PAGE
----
Rob Talbert grew up in the sweltering heat of San Antonio and spent most nights playing in bands or dancing in nightclubs. He has worked in jails, bars, corporate offices, hotels, universities, hospitals, retail stores, restaurants and on cruise ships. In 2010 he received his MFA from Virginia Tech University and is currently working on a Ph.D. in Creative Writing at Florida State University. His poems have appeared in Alaska Quarterly, The American Poetry Review, Ninth Letter, Painted Bride Quarterly, Passages North, Southern Poetry Review, Sou'wester, and on Verse Daily. He currently lives in Tallahassee with his wife, Samantha.
Praise for Jagged Tune
Rob Talbert’s Jagged Tune is a gorgeous post-industrial lyric hymn to minimum-wage jobs: from corrections officer to pawn shop employee to cruise ship attendant to insurance certificate specialist to retail clerk to unemployed and back again, Talbert’s poems—hewn from life experience—contrast the constraints of work with the ecstasy of nightclubs, their “feral engine” and “deep recess of liquor techno.” “My life depends on night,” he writes, and this is a nocturnal book that embraces the wonder of darkness, its broken song. I am awed by these poems—their unyielding eye, their deft music, their capacity for wisdom, and all the ways in which they illuminate facets of the American experience that we rarely see.
How can the world be anything but a music made out of what we are, a jagged tune, a knife song, a wild blood and bone aria? In Rob Talbert’s energetic, frightening, human, kinetic collection we can hear every note. I want to download this book into the musical score it is and listen to it whenever I’m alone but desperately need the world.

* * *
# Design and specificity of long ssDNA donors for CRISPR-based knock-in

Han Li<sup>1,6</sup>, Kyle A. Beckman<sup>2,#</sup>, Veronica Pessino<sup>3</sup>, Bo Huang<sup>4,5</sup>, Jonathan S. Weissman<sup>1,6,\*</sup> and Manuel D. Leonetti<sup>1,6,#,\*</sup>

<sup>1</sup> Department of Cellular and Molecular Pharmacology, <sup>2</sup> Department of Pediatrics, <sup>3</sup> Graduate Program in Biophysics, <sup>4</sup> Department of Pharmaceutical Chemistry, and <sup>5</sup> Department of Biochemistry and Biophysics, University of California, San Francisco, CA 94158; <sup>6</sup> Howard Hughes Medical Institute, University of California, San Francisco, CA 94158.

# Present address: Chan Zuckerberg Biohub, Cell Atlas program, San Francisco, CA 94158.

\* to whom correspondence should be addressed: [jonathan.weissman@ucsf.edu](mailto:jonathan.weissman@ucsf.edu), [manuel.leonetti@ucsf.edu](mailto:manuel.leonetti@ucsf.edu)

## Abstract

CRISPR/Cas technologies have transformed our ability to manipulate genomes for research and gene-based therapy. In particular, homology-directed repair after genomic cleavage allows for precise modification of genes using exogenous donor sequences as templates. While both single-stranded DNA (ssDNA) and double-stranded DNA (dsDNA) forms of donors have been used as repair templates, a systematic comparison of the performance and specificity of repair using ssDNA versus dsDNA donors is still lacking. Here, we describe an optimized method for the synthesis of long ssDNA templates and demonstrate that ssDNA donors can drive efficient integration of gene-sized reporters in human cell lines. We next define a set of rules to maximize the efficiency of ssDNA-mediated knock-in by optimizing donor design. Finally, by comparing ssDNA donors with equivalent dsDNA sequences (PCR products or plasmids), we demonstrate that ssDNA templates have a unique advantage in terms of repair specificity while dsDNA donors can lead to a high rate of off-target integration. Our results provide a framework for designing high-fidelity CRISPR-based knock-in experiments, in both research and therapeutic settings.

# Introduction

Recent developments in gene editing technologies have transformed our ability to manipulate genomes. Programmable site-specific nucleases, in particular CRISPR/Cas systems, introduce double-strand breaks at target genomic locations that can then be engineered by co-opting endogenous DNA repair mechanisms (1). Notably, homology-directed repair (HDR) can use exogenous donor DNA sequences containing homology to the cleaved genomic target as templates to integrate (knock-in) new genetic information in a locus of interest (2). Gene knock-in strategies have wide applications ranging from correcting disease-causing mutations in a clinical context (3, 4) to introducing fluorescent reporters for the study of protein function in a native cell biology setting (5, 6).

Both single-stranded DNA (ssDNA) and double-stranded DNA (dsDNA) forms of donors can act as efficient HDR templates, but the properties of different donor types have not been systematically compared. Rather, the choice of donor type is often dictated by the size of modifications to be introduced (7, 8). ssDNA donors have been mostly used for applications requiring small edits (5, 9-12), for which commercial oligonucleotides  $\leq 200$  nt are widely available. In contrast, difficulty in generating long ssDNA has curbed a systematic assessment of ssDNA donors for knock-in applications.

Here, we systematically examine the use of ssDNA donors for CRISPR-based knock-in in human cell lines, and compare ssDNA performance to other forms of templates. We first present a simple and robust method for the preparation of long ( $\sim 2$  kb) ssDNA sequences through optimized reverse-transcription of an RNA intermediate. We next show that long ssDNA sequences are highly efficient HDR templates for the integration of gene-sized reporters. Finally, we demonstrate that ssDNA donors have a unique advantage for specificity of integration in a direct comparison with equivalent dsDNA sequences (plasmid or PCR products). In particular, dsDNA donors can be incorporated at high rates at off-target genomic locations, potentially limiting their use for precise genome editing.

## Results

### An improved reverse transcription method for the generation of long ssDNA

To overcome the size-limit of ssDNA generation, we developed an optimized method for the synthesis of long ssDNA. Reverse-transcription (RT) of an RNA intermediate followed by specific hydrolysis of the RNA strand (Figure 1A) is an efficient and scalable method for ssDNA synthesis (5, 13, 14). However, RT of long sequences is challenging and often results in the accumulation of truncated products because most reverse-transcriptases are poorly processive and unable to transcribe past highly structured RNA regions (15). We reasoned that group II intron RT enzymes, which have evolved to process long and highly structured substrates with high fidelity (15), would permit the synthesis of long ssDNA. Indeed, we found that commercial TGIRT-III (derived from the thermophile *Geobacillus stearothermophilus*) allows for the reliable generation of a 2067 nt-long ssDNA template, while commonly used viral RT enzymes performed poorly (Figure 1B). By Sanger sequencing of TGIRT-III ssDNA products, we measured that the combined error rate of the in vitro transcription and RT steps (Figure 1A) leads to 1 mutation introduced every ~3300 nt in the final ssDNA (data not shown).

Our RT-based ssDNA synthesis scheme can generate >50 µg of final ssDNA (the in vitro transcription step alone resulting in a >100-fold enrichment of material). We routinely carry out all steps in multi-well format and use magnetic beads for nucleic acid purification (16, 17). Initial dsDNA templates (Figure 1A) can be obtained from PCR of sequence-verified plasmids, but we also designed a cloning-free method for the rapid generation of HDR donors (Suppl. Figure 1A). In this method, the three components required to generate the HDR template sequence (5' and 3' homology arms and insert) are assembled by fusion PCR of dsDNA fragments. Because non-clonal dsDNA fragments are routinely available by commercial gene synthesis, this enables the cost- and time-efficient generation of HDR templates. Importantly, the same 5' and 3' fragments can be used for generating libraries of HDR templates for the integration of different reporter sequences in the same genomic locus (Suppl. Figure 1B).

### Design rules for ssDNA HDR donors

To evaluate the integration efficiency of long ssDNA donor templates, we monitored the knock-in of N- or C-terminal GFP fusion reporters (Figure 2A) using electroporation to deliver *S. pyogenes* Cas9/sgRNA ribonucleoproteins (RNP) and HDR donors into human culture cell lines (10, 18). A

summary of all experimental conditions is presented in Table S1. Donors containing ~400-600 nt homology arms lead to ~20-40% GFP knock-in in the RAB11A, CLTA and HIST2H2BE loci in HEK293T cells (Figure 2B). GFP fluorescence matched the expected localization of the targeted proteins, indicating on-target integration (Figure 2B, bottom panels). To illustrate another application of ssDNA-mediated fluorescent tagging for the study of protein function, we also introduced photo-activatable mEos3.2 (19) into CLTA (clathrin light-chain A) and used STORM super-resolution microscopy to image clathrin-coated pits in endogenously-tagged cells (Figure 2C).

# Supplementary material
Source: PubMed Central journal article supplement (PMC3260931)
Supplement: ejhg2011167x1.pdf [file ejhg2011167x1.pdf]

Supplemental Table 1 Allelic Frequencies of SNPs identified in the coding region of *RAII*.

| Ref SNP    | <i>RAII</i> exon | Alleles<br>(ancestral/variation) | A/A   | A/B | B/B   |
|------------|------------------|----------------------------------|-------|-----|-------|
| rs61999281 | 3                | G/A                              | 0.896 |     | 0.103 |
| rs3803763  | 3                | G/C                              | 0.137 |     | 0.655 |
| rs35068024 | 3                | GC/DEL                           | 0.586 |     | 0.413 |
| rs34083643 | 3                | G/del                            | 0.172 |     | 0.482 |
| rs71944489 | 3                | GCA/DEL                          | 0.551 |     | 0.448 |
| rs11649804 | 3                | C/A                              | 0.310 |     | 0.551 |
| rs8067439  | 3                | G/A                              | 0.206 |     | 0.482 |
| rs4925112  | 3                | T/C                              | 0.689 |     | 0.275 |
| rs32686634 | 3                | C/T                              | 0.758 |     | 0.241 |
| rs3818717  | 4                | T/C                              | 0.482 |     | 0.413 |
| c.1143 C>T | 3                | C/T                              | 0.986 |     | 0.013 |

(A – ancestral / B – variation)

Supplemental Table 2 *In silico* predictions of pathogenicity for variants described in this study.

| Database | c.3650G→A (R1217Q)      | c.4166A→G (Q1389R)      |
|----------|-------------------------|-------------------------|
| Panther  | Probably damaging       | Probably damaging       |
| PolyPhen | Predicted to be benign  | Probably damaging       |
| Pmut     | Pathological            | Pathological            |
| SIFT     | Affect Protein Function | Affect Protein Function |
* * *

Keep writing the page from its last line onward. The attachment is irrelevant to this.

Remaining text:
“Attention Customers: the store will close / in fifteen minutes. Sooner or later we all / return home.” Thus begins Rob Talbert’s Jagged Tune, and a jagged tune this collection of oddball dreams and dreamers it is. Imagine a poet barking his verses into a megaphone at the moon, picture “police lights open[ing] their eyes,” your “sister … swarmed by cops” and you’ll get a taste for the dramas and requiems that unfold here. “Going back / to the start / is good,” “Ingenious Ocean” begins; “The night is a dark dress I don’t want / to see slip off. It’s much too close / to the only thing I have in place of goodbye,” this collection of elocutions ends.
— Andrew McFadyen-Ketchum
Jagged Tune steps to its reader with the gait of a boxer not accustomed to showing mercy. And yet, there’s a hard-earned tenderness in these poems, an affirmation and hope tempered by the drab, brutal realities of minimum wage and high-security imprisonment. Part Whitman, part The Threepenny Opera, Talbert sifts through the wreckage of the everyday in search of the miraculous; what’s amazing is how often he returns with the goods.